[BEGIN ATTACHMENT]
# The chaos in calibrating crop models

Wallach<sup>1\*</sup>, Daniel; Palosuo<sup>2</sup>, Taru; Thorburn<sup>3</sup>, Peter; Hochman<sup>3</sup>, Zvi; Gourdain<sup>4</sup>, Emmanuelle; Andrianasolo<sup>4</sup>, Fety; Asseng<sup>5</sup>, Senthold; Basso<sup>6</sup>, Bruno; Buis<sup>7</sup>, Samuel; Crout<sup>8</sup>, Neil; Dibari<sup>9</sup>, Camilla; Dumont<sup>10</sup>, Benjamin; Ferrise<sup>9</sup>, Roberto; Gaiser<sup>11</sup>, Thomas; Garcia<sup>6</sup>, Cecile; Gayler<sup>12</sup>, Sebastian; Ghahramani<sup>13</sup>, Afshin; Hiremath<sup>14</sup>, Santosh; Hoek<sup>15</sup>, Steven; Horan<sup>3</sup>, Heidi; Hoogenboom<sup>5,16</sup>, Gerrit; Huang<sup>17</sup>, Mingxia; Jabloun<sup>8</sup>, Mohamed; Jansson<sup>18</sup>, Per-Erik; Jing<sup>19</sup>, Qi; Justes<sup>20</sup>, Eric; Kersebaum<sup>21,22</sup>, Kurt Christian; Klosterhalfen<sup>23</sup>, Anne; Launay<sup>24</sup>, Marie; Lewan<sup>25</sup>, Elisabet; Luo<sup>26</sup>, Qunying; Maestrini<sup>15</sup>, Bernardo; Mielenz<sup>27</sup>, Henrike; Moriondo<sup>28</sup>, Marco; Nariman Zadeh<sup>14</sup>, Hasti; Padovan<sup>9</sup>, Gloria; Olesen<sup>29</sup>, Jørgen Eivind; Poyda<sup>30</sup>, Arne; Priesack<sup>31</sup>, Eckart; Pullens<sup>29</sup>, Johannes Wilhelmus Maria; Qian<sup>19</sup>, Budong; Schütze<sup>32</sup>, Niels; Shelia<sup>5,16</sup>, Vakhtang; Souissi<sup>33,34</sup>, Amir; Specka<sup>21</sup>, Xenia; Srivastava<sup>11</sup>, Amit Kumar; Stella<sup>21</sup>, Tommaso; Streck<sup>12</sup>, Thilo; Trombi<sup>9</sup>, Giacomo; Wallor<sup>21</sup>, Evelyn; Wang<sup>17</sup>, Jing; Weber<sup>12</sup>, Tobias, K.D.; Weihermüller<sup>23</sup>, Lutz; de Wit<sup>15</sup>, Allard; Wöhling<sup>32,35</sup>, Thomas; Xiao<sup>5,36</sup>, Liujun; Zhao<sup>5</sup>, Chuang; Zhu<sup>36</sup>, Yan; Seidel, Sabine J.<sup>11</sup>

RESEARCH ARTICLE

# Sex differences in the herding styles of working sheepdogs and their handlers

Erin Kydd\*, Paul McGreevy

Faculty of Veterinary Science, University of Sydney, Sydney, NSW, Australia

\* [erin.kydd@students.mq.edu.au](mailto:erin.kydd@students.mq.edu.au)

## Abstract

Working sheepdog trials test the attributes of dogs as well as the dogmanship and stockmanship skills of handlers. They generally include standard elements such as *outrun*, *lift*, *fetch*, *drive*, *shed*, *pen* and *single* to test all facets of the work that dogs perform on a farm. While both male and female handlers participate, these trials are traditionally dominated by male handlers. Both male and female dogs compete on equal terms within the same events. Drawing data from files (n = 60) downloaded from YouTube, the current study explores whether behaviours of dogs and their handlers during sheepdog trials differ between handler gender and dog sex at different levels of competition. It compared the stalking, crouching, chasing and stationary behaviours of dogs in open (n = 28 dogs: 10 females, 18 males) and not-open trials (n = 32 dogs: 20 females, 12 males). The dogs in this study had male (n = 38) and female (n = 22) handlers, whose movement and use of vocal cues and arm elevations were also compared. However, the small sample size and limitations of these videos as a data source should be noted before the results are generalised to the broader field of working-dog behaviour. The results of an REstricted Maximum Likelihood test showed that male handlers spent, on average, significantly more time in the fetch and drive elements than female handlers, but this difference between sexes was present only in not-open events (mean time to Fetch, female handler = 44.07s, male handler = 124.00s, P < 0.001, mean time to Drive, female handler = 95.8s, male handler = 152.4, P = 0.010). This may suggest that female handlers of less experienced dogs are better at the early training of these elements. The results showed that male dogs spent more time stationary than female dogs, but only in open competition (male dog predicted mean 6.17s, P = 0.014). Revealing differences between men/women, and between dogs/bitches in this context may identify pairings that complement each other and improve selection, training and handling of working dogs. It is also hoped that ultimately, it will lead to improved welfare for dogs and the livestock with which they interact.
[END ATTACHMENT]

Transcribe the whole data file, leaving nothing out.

# The chaos in calibrating crop models

Wallach<sup>1\*</sup>, Daniel; Palosuo<sup>2</sup>, Taru; Thorburn<sup>3</sup>, Peter; Hochman<sup>3</sup>, Zvi; Gourdain<sup>4</sup>, Emmanuelle; Andrianasolo<sup>4</sup>, Fety; Asseng<sup>5</sup>, Senthold; Basso<sup>6</sup>, Bruno; Buis<sup>7</sup>, Samuel; Crout<sup>8</sup>, Neil; Dibari<sup>9</sup>, Camilla; Dumont<sup>10</sup>, Benjamin; Ferrise<sup>9</sup>, Roberto; Gaiser<sup>11</sup>, Thomas; Garcia<sup>6</sup>, Cecile; Gayler<sup>12</sup>, Sebastian; Ghahramani<sup>13</sup>, Afshin; Hiremath<sup>14</sup>, Santosh; Hoek<sup>15</sup>, Steven; Horan<sup>3</sup>, Heidi; Hoogenboom<sup>5,16</sup>, Gerrit; Huang<sup>17</sup>, Mingxia; Jabloun<sup>8</sup>, Mohamed; Jansson<sup>18</sup>, Per-Erik; Jing<sup>19</sup>, Qi; Justes<sup>20</sup>, Eric; Kersebaum<sup>21,22</sup>, Kurt Christian; Klosterhalfen<sup>23</sup>, Anne; Launay<sup>24</sup>, Marie; Lewan<sup>25</sup>, Elisabet; Luo<sup>26</sup>, Qunying; Maestrini<sup>15</sup>, Bernardo; Mielenz<sup>27</sup>, Henrike; Moriondo<sup>28</sup>, Marco; Nariman Zadeh<sup>14</sup>, Hasti; Padovan<sup>9</sup>, Gloria; Olesen<sup>29</sup>, Jørgen Eivind; Poyda<sup>30</sup>, Arne; Priesack<sup>31</sup>, Eckart; Pullens<sup>29</sup>, Johannes Wilhelmus Maria; Qian<sup>19</sup>, Budong; Schütze<sup>32</sup>, Niels; Shelia<sup>5,16</sup>, Vakhtang; Souissi<sup>33,34</sup>, Amir; Specka<sup>21</sup>, Xenia; Srivastava<sup>11</sup>, Amit Kumar; Stella<sup>21</sup>, Tommaso; Streck<sup>12</sup>, Thilo; Trombi<sup>9</sup>, Giacomo; Wallor<sup>21</sup>, Evelyn; Wang<sup>17</sup>, Jing; Weber<sup>12</sup>, Tobias, K.D.; Weihermüller<sup>23</sup>, Lutz; de Wit<sup>15</sup>, Allard; Wöhling<sup>32,35</sup>, Thomas; Xiao<sup>5,36</sup>, Liujun; Zhao<sup>5</sup>, Chuang; Zhu<sup>36</sup>, Yan; Seidel, Sabine J.<sup>11</sup>

RESEARCH ARTICLE

# Sex differences in the herding styles of working sheepdogs and their handlers

Erin Kydd\*, Paul McGreevy

Faculty of Veterinary Science, University of Sydney, Sydney, NSW, Australia

\* [erin.kydd@students.mq.edu.au](mailto:erin.kydd@students.mq.edu.au)

## Abstract

Working sheepdog trials test the attributes of dogs as well as the dogmanship and stockmanship skills of handlers. They generally include standard elements such as *outrun*, *lift*, *fetch*, *drive*, *shed*, *pen* and *single* to test all facets of the work that dogs perform on a farm. While both male and female handlers participate, these trials are traditionally dominated by male handlers. Both male and female dogs compete on equal terms within the same events. Drawing data from files (n = 60) downloaded from YouTube, the current study explores whether behaviours of dogs and their handlers during sheepdog trials differ between handler gender and dog sex at different levels of competition. It compared the stalking, crouching, chasing and stationary behaviours of dogs in open (n = 28 dogs: 10 females, 18 males) and not-open trials (n = 32 dogs: 20 females, 12 males). The dogs in this study had male (n = 38) and female (n = 22) handlers, whose movement and use of vocal cues and arm elevations were also compared. However, the small sample size and limitations of these videos as a data source should be noted before the results are generalised to the broader field of working-dog behaviour. The results of an REstricted Maximum Likelihood test showed that male handlers spent, on average, significantly more time in the fetch and drive elements than female handlers, but this difference between sexes was present only in not-open events (mean time to Fetch, female handler = 44.07s, male handler = 124.00s, P < 0.001, mean time to Drive, female handler = 95.8s, male handler = 152.4, P = 0.010). This may suggest that female handlers of less experienced dogs are better at the early training of these elements. The results showed that male dogs spent more time stationary than female dogs, but only in open competition (male dog predicted mean 6.17s, P = 0.014). Revealing differences between men/women, and between dogs/bitches in this context may identify pairings that complement each other and improve selection, training and handling of working dogs. It is also hoped that ultimately, it will lead to improved welfare for dogs and the livestock with which they interact.